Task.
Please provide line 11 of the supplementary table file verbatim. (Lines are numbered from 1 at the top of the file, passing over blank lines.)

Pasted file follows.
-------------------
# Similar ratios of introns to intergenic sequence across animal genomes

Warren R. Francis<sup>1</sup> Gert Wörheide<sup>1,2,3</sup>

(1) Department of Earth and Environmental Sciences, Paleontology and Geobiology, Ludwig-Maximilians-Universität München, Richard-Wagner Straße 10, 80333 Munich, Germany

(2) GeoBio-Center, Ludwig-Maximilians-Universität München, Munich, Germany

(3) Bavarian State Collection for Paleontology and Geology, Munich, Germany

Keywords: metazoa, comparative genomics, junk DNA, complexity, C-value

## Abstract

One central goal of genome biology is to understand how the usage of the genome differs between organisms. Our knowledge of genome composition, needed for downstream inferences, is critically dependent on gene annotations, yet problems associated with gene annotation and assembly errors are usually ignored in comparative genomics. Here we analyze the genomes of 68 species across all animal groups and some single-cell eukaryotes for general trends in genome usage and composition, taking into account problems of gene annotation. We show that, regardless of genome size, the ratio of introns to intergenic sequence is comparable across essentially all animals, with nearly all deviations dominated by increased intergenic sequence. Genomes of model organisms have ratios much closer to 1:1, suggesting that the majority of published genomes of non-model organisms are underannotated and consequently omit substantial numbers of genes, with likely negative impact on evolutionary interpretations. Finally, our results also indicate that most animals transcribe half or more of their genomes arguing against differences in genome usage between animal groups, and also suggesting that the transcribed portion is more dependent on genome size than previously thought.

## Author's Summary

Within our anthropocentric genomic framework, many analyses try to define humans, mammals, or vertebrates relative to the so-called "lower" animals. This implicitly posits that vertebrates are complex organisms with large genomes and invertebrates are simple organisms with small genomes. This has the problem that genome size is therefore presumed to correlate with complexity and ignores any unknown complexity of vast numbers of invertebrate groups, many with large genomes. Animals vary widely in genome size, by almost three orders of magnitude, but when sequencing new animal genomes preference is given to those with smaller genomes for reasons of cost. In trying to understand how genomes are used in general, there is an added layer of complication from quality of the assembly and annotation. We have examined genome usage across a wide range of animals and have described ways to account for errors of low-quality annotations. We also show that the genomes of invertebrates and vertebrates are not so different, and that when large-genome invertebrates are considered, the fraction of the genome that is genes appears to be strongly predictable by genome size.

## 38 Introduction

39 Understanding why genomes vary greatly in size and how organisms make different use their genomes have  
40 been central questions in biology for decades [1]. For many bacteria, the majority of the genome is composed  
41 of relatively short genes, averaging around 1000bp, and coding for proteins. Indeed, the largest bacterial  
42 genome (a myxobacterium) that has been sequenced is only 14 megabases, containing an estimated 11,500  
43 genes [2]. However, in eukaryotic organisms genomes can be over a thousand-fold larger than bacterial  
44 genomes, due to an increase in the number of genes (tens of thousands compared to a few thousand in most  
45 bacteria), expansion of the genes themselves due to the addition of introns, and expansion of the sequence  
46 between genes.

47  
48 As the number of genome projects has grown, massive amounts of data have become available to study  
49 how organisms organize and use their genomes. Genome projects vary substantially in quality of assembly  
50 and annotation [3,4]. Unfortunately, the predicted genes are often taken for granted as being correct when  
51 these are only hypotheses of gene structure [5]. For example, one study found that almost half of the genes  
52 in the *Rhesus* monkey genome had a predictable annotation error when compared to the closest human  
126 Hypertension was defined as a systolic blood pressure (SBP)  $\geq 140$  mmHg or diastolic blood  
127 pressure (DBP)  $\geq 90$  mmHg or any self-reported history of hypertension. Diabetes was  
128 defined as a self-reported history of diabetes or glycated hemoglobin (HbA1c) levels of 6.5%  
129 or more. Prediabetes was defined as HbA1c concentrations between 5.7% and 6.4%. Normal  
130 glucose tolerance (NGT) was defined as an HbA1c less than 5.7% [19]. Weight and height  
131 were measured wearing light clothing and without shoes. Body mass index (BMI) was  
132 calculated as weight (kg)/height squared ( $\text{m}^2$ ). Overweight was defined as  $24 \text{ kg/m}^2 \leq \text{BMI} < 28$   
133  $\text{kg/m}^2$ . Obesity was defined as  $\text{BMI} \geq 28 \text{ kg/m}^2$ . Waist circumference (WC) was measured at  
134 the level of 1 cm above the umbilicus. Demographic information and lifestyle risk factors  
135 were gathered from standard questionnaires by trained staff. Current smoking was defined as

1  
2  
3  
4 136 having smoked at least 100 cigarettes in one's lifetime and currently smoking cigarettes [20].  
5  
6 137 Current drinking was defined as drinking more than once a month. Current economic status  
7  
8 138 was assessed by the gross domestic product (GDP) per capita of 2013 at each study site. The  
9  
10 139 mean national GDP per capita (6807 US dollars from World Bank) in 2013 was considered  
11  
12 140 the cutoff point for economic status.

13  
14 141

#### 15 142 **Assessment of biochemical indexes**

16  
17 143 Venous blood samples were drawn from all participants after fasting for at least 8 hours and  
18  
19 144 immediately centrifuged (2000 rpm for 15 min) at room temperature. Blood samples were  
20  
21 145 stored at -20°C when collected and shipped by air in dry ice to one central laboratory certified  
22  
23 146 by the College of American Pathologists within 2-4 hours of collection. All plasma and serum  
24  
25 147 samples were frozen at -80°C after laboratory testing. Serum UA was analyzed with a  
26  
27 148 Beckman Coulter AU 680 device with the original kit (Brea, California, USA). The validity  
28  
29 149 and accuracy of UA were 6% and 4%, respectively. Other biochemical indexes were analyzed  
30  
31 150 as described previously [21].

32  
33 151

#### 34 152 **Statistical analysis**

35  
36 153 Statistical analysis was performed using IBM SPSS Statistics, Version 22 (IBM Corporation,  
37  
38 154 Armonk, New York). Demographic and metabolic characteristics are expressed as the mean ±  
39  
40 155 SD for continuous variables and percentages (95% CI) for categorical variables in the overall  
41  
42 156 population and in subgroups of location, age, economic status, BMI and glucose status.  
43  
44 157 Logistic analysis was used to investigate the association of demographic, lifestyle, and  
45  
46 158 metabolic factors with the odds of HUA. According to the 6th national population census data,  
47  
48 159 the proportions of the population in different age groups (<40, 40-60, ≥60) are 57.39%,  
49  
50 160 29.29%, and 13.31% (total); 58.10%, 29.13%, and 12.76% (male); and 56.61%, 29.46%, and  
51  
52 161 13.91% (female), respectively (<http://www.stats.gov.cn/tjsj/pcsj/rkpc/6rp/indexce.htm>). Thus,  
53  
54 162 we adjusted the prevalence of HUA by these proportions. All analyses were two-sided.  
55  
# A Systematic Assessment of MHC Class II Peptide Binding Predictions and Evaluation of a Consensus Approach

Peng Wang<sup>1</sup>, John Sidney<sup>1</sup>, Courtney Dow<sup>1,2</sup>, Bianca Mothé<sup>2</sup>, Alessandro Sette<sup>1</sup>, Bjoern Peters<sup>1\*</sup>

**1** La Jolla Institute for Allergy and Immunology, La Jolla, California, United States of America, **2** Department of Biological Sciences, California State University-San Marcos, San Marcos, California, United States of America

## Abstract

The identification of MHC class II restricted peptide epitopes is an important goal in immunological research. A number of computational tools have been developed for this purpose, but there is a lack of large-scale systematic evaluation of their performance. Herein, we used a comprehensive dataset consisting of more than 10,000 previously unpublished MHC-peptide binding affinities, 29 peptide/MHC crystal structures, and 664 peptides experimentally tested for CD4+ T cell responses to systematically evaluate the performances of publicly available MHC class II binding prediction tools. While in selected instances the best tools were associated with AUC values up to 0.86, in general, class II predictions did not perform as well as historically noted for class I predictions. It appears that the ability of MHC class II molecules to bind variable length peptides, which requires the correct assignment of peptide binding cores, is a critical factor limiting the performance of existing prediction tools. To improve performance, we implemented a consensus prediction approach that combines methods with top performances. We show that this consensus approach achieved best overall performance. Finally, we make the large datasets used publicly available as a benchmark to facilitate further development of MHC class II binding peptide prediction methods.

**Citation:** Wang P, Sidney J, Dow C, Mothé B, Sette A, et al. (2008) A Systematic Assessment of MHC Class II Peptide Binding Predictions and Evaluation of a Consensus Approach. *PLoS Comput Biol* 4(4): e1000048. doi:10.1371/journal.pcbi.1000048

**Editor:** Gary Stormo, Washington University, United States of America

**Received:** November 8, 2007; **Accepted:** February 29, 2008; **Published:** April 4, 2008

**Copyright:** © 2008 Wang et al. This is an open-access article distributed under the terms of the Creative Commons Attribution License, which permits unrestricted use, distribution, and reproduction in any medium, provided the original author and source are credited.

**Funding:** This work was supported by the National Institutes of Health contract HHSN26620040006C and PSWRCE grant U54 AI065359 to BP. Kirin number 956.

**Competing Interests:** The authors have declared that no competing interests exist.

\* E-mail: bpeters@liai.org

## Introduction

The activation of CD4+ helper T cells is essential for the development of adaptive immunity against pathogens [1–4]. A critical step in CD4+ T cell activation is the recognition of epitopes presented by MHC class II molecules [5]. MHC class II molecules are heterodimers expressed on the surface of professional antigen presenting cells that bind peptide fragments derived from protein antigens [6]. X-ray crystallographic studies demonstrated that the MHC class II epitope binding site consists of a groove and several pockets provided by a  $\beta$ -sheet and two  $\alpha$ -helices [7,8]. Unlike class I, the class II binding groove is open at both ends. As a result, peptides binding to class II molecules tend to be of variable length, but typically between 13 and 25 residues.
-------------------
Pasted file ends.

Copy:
## 38 Introduction